The second tenet to be learned is that before you sit at a table or look at the lines you need to understand the odds and know your chances of winning. Daly claimed that he would ring up six-figure debts by playing $5,000 slot machines. That's the type of rampant stupidity that used to get people flogged in public. My only question is whether or not he paid off his tab with one of those big cardboard checks.

If losing a sum equal to the Gross Domestic Product of Nicaragua isn't your style, then you have to know the odds and be patient. A good gambler lies in the weeds. They wait for good value, pick their battles and understand that; just like with women, sometimes the best moves are the ones you don't make.

Next, there is an important lesson here about money management. For Chuck and John to get that deep in the hole they either have the worst instincts in gambling history or they ignored the fundamentals of money management. While the first thought is tempting, I'm going with the latter.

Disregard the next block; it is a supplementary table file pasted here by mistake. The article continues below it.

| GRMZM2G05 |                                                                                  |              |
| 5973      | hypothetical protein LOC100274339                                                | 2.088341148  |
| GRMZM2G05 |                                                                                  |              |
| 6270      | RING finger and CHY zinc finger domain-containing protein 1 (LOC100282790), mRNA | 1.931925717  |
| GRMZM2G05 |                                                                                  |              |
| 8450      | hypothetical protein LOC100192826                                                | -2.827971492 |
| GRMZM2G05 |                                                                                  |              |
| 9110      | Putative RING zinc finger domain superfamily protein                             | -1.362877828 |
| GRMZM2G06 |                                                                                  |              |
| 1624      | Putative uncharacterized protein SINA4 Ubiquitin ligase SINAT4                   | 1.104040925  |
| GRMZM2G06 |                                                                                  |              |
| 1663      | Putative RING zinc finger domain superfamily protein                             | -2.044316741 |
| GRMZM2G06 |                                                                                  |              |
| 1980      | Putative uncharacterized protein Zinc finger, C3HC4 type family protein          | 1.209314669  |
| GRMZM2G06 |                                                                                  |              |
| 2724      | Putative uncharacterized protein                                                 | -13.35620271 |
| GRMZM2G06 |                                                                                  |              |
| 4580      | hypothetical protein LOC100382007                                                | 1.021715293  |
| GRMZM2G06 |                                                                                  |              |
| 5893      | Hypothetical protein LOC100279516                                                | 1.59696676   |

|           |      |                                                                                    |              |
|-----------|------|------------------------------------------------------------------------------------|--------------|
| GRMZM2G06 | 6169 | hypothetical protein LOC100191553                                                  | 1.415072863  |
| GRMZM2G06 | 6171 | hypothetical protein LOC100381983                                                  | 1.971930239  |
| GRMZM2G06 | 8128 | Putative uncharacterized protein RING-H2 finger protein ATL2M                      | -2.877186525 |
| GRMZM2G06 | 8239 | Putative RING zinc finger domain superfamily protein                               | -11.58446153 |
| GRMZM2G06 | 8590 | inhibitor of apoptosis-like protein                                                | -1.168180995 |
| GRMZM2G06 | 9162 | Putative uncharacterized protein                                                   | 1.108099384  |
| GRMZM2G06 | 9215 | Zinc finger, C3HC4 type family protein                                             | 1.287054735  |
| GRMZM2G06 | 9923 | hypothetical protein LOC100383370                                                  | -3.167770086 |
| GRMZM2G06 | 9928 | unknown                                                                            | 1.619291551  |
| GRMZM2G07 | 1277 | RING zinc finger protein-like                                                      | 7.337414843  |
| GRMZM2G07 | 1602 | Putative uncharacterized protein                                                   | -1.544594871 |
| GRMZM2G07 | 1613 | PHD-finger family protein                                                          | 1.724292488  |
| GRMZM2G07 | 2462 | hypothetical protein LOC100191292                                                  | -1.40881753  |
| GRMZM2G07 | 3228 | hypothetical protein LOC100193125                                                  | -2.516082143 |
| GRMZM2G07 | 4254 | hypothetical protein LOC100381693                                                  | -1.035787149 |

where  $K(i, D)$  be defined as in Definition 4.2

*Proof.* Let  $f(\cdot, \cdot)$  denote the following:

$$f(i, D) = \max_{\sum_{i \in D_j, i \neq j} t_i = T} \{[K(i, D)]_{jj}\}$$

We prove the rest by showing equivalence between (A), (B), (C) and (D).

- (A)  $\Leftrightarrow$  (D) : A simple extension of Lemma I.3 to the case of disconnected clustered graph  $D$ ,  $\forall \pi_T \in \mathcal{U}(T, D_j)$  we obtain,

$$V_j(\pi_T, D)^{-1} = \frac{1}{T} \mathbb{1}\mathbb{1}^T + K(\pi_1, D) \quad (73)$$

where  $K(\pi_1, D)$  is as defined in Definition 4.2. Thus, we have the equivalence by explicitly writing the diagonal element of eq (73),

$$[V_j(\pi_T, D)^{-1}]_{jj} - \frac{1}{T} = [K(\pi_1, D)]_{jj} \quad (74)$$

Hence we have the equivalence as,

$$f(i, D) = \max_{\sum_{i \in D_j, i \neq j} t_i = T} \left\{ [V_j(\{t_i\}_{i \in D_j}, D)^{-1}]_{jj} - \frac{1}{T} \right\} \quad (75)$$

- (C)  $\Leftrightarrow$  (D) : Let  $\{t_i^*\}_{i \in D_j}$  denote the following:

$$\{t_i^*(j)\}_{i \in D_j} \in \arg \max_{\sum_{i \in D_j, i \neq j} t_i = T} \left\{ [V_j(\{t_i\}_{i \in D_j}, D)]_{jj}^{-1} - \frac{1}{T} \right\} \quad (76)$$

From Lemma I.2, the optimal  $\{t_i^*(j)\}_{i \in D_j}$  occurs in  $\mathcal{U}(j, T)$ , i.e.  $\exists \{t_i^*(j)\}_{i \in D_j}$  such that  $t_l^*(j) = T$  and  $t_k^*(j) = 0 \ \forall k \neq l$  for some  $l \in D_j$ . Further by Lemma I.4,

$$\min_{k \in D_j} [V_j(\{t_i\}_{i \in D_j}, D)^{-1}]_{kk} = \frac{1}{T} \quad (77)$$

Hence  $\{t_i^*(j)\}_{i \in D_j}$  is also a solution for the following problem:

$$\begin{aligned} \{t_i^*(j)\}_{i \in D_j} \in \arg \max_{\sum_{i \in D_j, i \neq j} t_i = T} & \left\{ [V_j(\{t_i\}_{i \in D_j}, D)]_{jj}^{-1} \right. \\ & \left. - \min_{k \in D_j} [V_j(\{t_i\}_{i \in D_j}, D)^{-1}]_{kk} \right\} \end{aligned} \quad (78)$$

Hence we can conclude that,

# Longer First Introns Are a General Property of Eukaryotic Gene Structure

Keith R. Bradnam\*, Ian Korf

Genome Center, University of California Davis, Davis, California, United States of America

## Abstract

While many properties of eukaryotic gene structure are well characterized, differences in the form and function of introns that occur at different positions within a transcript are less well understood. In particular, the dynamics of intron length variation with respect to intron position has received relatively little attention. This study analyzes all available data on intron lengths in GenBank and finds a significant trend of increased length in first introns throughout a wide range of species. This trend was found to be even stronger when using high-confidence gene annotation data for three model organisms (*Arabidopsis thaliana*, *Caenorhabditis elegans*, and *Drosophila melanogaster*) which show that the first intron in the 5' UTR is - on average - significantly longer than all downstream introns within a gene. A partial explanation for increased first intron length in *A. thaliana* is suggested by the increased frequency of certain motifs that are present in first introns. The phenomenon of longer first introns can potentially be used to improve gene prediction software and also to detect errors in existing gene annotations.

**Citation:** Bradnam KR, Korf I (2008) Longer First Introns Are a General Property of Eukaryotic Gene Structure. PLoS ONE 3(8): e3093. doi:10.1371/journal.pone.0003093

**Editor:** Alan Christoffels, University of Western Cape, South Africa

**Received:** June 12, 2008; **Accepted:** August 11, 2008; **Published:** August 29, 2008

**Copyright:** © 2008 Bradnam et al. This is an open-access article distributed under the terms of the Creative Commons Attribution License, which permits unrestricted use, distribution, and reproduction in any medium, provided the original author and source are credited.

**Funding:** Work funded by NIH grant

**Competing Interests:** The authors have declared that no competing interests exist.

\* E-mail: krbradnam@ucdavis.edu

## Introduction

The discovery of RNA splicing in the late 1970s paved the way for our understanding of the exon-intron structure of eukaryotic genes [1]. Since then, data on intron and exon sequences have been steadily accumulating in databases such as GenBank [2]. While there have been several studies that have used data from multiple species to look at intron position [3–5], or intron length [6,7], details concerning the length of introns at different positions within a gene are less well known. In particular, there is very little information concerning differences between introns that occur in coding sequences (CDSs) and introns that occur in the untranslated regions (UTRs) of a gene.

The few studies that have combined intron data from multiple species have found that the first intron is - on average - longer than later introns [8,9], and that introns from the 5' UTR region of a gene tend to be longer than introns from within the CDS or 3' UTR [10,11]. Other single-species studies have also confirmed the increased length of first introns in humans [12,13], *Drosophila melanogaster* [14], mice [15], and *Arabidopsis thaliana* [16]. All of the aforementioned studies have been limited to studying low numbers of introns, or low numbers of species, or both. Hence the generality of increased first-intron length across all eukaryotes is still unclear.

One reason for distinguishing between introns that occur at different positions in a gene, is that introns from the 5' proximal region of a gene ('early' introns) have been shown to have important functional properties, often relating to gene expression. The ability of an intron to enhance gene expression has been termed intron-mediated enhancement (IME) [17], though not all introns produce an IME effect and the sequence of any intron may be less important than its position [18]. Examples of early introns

Pro gamblers extol the virtue of never risking too much of your stack. The industry standard is not to wager more than five percent of your holdings on any single play. "Let It Ride" and "Go All-In" are the slogans of tourists, amateurs and frat guys. If you carefully manage your roll you'll find that not only will you get to play longer (more fun) but you stand a much better chance of coming out on top (much more fun). P

The final lesson to be extracted from the plight of Chuck and John may be the most important of all.

Knowing their personalities made their betting confessions about as surprising as George Jung saying, "Yeah, I like a little blow." But Barkley and Daly were throwing around some pretty heady numbers and had to expect a serious backlash.

But that's what was so odd. After the predictable initial media reaction - sanctimonious sports writers preaching on their soapboxes and giving their 10-cent psychological diagnosis - there was no public outcry. No one called for investigations. There was no movement to strip Daly of his PGA Tour card or have Barkley fired from his job with TNT. The story came and went, and that was that.